Microsoft's bounty money will not impact virus writing activity, and is only one step in stemming release of malicious code, says a virus writer psychology expert.
Microsoft's recently unveiled Anti-Virus Reward Program, in which the software maker has created a US$5 million reward fund to track down writers of worms, viruses and other malicious code, sends a strong message to young virus writers that these types of activities can have extremely serious consequences, Sarah Gordon, an expert on the psychology of virus writers, told iTNews.
As part of this initiative, Microsoft has issued two bounties -- to the tune of US$250,000 each -- for information leading to the arrest and conviction of the people responsible for releasing the MSBlast worm and Sobig virus.
Gordon, a senior research fellow at Symantec's security response unit, has been meeting hackers and virus writers face-to-face for many years, in order to understand why they do what they do.
According to Gordon, virus writers come from a varied background, but in general are younger than hackers, some as young as 10 or 11 years old, and not always aware of the damage they could incur.
"Writing malicious code is not -- in all countries -- in and of itself, illegal. Thus, this reward is not likely to have much impact on the actual writing of malicious code," she said.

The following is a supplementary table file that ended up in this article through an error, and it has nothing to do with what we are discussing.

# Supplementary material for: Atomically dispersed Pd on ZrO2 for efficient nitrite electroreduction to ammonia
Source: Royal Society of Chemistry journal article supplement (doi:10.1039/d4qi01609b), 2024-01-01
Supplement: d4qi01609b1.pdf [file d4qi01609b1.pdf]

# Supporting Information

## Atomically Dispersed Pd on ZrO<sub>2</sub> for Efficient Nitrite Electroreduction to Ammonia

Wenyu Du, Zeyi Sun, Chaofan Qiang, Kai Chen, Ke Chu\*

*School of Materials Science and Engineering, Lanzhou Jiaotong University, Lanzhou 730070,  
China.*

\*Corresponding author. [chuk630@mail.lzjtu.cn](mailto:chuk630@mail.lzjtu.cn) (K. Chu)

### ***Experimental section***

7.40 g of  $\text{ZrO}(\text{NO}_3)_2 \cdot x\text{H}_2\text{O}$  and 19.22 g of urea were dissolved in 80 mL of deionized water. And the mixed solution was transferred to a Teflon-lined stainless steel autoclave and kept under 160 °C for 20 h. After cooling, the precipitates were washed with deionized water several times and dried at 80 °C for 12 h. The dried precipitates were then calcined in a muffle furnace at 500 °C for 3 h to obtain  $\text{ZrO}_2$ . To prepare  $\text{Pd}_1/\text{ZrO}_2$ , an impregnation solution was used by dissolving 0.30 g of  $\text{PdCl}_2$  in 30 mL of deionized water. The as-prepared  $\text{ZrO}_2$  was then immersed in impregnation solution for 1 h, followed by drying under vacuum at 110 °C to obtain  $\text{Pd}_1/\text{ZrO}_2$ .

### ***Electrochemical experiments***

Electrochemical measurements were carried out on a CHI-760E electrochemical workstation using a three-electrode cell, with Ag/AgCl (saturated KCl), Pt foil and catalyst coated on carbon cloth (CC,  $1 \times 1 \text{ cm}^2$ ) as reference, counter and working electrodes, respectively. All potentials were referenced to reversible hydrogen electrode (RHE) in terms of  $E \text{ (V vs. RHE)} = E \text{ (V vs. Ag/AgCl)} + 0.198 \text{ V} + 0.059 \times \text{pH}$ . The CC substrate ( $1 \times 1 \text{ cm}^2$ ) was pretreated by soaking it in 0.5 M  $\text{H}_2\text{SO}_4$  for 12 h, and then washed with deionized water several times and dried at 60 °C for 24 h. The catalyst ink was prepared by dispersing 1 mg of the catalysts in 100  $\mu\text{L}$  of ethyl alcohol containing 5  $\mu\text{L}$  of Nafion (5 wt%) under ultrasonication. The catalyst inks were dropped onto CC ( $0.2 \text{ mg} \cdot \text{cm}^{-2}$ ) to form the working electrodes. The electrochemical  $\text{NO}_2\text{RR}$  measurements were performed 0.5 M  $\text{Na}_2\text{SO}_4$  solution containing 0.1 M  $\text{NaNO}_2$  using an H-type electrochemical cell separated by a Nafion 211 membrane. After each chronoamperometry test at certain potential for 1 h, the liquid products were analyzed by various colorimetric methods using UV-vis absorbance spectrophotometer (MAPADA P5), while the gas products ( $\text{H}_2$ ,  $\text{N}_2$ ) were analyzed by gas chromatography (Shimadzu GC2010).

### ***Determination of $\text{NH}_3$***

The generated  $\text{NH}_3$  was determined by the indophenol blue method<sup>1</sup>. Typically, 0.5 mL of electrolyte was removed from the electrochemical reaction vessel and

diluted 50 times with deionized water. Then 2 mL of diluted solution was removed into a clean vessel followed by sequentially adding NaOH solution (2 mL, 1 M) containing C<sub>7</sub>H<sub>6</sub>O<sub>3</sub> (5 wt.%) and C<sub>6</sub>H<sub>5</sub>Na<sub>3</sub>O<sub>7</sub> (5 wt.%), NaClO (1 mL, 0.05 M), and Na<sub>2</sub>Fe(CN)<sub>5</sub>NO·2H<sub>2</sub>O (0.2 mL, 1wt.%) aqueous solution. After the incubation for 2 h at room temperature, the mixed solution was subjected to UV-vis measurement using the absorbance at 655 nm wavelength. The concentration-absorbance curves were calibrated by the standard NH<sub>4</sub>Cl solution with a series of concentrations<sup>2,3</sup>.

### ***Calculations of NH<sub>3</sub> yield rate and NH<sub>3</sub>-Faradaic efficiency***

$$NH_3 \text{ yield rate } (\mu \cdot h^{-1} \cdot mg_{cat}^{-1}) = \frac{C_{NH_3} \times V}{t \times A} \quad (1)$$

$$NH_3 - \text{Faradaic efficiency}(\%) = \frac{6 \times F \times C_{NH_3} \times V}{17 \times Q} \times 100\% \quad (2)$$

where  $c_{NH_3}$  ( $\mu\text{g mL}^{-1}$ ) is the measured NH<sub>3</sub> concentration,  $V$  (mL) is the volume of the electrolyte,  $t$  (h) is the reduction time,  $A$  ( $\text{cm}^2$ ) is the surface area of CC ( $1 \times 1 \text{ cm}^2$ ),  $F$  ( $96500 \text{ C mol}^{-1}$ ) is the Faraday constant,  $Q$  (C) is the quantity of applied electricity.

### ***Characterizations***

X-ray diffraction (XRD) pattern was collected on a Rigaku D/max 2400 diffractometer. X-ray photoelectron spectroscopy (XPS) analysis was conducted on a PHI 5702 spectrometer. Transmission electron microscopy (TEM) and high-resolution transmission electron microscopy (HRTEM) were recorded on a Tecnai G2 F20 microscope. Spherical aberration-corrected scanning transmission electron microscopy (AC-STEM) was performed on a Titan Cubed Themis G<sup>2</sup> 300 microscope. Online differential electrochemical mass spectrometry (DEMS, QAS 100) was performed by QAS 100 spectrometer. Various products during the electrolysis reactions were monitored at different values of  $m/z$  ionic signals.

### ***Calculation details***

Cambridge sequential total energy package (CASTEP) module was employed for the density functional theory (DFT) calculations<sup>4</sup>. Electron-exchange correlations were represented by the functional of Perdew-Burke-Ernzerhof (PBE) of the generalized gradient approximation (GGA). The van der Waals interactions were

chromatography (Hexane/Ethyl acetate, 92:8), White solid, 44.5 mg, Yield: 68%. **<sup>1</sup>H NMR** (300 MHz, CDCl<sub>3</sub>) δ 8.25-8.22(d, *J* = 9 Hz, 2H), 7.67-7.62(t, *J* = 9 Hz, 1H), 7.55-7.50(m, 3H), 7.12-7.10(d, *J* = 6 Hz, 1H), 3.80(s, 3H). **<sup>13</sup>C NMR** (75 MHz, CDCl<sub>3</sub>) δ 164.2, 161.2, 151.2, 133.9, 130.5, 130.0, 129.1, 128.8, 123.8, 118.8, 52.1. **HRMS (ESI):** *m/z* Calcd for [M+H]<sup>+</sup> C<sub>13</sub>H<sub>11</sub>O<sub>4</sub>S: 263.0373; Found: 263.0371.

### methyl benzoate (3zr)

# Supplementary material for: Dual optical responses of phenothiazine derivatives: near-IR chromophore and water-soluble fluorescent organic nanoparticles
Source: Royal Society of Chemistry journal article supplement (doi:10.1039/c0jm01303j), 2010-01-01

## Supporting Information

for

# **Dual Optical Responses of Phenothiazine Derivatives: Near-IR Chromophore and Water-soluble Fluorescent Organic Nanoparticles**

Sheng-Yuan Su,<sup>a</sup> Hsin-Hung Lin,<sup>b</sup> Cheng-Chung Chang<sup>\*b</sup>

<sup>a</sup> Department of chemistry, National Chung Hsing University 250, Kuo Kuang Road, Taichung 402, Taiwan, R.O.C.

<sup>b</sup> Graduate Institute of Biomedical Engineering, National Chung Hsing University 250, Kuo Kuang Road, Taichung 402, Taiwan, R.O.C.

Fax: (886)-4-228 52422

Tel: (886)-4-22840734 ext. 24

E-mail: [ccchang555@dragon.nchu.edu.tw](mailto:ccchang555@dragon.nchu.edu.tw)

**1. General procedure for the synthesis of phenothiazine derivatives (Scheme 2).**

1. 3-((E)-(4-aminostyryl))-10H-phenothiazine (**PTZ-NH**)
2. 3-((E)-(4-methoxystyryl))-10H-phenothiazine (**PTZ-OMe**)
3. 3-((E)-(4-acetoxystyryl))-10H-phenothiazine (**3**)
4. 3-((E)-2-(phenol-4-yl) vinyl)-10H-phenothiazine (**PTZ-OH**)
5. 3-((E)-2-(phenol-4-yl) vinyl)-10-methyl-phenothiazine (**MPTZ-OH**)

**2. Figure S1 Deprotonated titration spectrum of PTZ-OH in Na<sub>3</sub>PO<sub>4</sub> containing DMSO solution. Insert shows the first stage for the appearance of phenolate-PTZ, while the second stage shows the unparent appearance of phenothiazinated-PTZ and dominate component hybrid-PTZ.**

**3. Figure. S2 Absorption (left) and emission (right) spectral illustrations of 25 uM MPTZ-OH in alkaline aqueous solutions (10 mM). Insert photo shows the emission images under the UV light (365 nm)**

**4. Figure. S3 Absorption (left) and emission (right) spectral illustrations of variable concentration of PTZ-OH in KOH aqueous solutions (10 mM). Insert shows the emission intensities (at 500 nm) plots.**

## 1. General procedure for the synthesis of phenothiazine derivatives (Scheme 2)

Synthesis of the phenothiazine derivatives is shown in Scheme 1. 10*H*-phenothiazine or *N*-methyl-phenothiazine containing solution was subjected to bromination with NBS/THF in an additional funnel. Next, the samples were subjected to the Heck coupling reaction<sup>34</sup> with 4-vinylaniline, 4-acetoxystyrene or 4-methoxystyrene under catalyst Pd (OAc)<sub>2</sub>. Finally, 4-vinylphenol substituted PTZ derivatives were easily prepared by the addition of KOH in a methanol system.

"However, the reward clearly demonstrates the seriousness of the release of malicious code such as Blaster, and therefore is one way to send a strong message to young people that these types of activities are not acceptable and can have extremely serious consequences," she said.
"Young people tend to not conceptualise the consequences of certain behaviours. If we think back to our own adolescence, most of us can probably identify with this phenomenon. Add to this the scalability of the Internet, the depersonalisation brought about by on-line communication, and you can see how the consequence of many online behaviours is simply not a 'reality' for many people. However, this can be shifted by peer interaction, and societal messaging over time," she said.
"Over the long term, these types of societal messages can be effective, and when combined with reinforcement of peer interaction, parental attention and education, can help facilitate changes in attitudes and behaviours."
Many of her contemporaries claim virus writing is an organised crime, and this reward program will only help catch the small time writers, not those higher up in the crime ring.
However Gordon said the likelihood of success of any investigation depends on many factors -- not the least of which is the makeup of the population involved, and the type of activity engaged in.
"These are two different kettles of fish. With populations and activities so dissimilar, the outcomes would tend to be dissimilar," she said.
On the question of whether bounty money on the heads of the virus writer could be appealing to them, casting them as outlaws worth a certain amount of Microsoft dollars, Gordon said this was unlikely.
"Offering a reward for information about various types of crime -- including computer crime -- is not a new idea: it has been done in the past, and generally the criminal is not very happy about this. The reward does clearly demonstrate the seriousness of the release of malicious code, and sends a strong message to young people that these types of activities can have extremely serious consequences."